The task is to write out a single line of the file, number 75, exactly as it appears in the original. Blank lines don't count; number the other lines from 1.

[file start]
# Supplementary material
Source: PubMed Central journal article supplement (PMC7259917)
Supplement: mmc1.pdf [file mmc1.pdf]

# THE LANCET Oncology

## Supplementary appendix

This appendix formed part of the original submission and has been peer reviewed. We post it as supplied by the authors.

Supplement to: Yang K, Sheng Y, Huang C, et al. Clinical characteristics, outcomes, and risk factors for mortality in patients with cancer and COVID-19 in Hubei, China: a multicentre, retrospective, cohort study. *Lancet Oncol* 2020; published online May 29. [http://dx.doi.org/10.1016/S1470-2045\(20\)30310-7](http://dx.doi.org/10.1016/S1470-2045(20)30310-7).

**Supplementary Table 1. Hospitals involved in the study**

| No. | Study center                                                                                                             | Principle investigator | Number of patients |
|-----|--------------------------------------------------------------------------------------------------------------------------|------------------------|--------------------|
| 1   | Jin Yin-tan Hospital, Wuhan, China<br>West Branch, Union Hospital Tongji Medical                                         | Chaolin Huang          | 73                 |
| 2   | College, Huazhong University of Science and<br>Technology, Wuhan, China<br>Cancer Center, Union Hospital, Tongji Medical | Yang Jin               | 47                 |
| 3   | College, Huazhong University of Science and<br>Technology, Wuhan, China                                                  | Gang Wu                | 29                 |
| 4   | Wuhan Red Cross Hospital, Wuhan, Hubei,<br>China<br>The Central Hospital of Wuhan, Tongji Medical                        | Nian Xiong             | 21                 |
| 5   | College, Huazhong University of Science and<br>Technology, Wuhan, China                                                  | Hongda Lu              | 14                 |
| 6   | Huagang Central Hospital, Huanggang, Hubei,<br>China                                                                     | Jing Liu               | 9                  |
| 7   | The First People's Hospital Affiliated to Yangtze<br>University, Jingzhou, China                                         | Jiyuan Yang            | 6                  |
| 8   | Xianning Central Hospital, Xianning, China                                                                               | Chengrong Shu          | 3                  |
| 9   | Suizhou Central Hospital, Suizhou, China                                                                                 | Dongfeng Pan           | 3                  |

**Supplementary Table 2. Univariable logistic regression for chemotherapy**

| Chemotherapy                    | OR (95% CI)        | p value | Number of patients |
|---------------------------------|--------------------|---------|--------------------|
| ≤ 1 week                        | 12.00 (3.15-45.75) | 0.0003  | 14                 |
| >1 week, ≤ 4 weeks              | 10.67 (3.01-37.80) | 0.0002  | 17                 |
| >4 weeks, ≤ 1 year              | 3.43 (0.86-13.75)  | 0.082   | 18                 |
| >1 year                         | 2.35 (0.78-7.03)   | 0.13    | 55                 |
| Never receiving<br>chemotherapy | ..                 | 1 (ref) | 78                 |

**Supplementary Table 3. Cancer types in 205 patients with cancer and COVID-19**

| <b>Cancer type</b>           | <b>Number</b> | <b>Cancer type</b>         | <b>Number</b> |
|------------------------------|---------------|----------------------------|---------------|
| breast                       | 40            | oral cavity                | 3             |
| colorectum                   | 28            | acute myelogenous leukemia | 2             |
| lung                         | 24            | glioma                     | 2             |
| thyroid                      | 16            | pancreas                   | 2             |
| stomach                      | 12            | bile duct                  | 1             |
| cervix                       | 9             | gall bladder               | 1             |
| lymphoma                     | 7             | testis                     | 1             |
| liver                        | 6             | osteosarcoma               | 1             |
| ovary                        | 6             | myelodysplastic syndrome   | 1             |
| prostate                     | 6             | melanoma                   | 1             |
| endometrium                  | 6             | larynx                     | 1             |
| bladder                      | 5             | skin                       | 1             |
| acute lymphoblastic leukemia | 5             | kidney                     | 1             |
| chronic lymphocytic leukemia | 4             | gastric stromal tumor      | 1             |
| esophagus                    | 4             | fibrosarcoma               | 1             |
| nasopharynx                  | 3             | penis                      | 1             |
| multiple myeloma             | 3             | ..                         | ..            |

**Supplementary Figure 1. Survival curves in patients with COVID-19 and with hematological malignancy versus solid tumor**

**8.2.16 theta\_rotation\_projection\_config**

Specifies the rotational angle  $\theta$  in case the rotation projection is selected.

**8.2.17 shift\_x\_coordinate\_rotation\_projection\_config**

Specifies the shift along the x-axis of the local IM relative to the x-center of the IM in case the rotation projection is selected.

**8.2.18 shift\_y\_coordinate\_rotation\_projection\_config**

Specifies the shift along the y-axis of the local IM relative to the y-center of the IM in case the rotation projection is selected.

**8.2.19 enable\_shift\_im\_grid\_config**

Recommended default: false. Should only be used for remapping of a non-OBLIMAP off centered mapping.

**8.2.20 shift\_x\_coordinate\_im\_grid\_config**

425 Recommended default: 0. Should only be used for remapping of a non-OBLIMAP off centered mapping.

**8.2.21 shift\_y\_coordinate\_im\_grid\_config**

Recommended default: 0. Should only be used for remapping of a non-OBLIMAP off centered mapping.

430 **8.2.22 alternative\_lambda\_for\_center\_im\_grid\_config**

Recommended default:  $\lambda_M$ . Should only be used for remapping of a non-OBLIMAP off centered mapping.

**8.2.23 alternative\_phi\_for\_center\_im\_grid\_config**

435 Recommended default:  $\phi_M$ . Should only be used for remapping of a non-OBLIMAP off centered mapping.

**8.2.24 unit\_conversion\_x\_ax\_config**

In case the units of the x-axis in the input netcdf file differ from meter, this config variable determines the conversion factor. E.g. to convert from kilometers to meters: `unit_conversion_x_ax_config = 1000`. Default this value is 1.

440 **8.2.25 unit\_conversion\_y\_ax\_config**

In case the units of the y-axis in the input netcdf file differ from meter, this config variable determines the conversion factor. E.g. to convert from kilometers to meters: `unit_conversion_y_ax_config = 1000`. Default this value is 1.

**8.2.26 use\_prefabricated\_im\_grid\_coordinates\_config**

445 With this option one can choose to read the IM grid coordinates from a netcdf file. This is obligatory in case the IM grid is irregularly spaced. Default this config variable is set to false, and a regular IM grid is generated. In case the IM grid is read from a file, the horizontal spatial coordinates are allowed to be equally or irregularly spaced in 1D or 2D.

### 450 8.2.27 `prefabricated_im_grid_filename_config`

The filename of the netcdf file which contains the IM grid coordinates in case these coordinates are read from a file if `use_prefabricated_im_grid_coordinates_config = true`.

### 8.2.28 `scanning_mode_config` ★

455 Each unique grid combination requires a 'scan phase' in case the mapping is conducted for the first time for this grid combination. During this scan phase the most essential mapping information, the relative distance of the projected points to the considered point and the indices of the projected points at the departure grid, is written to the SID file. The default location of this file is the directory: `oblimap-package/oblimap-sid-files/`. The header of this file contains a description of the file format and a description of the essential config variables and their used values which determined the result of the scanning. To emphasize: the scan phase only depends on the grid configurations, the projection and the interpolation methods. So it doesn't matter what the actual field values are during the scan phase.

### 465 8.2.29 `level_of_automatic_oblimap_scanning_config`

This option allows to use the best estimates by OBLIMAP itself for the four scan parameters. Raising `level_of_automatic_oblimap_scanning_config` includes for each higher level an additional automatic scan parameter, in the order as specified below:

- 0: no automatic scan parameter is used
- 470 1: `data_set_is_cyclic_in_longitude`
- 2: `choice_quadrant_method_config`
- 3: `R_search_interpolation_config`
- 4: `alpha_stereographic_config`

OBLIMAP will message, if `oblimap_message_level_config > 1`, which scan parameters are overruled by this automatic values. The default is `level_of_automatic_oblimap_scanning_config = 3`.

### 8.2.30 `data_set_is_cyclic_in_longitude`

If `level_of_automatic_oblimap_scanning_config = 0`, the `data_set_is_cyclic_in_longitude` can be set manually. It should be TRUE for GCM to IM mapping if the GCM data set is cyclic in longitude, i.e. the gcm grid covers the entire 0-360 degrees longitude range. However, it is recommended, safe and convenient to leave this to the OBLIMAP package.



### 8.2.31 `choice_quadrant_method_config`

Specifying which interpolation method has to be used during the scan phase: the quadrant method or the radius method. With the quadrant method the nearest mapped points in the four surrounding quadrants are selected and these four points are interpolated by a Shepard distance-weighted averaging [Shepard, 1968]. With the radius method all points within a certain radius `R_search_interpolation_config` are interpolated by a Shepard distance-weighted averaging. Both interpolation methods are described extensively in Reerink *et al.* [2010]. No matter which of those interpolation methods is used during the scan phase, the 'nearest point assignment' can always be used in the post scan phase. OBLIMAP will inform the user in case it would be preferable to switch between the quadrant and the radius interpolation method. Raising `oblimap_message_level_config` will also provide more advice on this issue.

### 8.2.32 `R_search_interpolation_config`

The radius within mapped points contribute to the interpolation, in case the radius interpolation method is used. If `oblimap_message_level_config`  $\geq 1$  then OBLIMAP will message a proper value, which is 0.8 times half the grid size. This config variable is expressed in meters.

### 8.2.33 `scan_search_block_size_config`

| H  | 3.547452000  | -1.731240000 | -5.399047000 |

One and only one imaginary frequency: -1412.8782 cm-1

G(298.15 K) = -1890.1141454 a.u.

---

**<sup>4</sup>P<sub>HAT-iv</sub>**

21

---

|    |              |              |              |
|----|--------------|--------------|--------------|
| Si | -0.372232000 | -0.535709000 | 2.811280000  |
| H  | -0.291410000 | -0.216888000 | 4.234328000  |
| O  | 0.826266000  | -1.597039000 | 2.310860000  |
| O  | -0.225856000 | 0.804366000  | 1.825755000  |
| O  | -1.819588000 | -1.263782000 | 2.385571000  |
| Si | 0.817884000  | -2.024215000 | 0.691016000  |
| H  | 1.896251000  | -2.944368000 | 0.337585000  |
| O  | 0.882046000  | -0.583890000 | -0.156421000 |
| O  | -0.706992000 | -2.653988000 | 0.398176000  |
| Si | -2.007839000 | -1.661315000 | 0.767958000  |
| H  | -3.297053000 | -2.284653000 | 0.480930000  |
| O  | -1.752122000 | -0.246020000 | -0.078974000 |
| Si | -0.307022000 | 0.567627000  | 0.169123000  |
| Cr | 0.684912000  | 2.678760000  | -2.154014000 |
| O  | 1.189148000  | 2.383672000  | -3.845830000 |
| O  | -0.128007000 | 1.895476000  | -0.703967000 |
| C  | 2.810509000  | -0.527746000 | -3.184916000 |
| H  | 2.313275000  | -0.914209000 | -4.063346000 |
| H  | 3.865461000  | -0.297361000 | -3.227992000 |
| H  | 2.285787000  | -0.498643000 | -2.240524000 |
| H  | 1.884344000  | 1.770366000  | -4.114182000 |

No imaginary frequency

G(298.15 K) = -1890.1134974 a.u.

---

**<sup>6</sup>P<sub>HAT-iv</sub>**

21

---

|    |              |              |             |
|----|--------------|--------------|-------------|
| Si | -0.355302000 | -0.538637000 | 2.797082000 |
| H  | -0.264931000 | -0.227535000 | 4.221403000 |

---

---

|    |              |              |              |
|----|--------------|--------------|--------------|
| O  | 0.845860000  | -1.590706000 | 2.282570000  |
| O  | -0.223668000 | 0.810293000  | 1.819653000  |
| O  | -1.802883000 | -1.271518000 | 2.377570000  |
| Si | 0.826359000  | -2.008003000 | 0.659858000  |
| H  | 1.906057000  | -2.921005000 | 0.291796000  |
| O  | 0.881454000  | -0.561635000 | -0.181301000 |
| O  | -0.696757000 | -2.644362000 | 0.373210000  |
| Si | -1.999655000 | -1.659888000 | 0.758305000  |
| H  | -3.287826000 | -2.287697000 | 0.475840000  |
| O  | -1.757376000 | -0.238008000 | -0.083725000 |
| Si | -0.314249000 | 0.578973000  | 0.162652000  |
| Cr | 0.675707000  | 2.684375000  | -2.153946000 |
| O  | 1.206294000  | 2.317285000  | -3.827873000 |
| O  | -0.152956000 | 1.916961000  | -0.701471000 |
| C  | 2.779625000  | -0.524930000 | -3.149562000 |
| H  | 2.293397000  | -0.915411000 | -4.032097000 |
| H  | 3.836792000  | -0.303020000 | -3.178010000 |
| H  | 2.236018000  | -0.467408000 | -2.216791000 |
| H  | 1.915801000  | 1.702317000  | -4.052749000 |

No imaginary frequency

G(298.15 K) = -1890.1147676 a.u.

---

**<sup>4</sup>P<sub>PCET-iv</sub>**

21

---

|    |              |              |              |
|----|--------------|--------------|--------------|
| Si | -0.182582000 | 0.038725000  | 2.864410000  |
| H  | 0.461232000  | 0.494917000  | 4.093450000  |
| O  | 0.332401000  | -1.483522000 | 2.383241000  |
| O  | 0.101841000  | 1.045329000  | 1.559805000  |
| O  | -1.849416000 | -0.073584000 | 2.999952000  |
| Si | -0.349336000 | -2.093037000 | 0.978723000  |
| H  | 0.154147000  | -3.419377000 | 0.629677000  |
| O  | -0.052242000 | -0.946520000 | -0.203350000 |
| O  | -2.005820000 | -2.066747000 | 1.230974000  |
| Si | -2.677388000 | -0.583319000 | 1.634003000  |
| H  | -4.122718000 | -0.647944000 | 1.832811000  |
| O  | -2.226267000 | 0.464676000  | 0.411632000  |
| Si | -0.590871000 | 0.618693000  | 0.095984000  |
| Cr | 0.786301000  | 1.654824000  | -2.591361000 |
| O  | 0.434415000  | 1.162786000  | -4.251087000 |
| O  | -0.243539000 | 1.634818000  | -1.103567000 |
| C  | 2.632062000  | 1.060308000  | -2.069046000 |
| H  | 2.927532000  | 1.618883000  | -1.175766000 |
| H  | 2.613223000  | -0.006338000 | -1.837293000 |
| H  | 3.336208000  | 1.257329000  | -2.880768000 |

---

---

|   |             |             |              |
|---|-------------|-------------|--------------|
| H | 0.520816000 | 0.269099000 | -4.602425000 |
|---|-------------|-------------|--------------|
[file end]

### 465 8.2.29 `level_of_automatic_oblimap_scanning_config`